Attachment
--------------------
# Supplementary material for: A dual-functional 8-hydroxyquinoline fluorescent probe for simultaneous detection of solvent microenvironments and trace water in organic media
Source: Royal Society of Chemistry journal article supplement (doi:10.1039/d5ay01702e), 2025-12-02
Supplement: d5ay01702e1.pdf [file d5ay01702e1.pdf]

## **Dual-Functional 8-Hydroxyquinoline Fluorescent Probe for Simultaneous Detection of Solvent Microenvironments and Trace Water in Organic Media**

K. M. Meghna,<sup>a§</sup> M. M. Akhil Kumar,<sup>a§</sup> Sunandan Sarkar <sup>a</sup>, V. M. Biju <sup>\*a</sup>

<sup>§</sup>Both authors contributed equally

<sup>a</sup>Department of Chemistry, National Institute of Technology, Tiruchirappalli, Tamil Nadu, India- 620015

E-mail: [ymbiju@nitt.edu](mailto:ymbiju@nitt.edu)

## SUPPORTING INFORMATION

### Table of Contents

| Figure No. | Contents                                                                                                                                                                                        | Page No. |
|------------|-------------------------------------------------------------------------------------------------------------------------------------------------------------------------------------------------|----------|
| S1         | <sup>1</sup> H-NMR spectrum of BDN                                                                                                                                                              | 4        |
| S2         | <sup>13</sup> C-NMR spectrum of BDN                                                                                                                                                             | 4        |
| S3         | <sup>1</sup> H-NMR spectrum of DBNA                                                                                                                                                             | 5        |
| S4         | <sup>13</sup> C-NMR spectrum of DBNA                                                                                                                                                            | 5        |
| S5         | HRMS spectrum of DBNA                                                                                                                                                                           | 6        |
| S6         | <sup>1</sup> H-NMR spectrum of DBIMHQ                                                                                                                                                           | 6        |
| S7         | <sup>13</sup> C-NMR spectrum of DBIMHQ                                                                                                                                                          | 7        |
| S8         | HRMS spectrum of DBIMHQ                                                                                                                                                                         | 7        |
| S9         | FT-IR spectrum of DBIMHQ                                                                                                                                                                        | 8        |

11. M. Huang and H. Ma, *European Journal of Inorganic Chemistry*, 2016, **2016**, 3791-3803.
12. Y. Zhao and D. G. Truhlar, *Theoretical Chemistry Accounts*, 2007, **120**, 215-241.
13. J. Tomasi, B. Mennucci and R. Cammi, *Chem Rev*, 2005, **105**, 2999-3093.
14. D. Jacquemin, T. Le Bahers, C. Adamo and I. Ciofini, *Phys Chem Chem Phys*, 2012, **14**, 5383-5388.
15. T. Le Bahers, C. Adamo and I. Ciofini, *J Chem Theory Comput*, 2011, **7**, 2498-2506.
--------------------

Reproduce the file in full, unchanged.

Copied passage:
# Supplementary material for: A dual-functional 8-hydroxyquinoline fluorescent probe for simultaneous detection of solvent microenvironments and trace water in organic media
Source: Royal Society of Chemistry journal article supplement (doi:10.1039/d5ay01702e), 2025-12-02
Supplement: d5ay01702e1.pdf [file d5ay01702e1.pdf]

## **Dual-Functional 8-Hydroxyquinoline Fluorescent Probe for Simultaneous Detection of Solvent Microenvironments and Trace Water in Organic Media**

K. M. Meghna,<sup>a§</sup> M. M. Akhil Kumar,<sup>a§</sup> Sunandan Sarkar <sup>a</sup>, V. M. Biju <sup>\*a</sup>

<sup>§</sup>Both authors contributed equally

<sup>a</sup>Department of Chemistry, National Institute of Technology, Tiruchirappalli, Tamil Nadu, India- 620015

E-mail: [ymbiju@nitt.edu](mailto:ymbiju@nitt.edu)

## SUPPORTING INFORMATION

### Table of Contents

| Figure No. | Contents                                                                                                                                                                                        | Page No. |
|------------|-------------------------------------------------------------------------------------------------------------------------------------------------------------------------------------------------|----------|
| S1         | <sup>1</sup> H-NMR spectrum of BDN                                                                                                                                                              | 4        |
| S2         | <sup>13</sup> C-NMR spectrum of BDN                                                                                                                                                             | 4        |
| S3         | <sup>1</sup> H-NMR spectrum of DBNA                                                                                                                                                             | 5        |
| S4         | <sup>13</sup> C-NMR spectrum of DBNA                                                                                                                                                            | 5        |
| S5         | HRMS spectrum of DBNA                                                                                                                                                                           | 6        |
| S6         | <sup>1</sup> H-NMR spectrum of DBIMHQ                                                                                                                                                           | 6        |
| S7         | <sup>13</sup> C-NMR spectrum of DBIMHQ                                                                                                                                                          | 7        |
| S8         | HRMS spectrum of DBIMHQ                                                                                                                                                                         | 7        |
| S9         | FT-IR spectrum of DBIMHQ                                                                                                                                                                        | 8        |

11. M. Huang and H. Ma, *European Journal of Inorganic Chemistry*, 2016, **2016**, 3791-3803.
12. Y. Zhao and D. G. Truhlar, *Theoretical Chemistry Accounts*, 2007, **120**, 215-241.
13. J. Tomasi, B. Mennucci and R. Cammi, *Chem Rev*, 2005, **105**, 2999-3093.
14. D. Jacquemin, T. Le Bahers, C. Adamo and I. Ciofini, *Phys Chem Chem Phys*, 2012, **14**, 5383-5388.
15. T. Le Bahers, C. Adamo and I. Ciofini, *J Chem Theory Comput*, 2011, **7**, 2498-2506.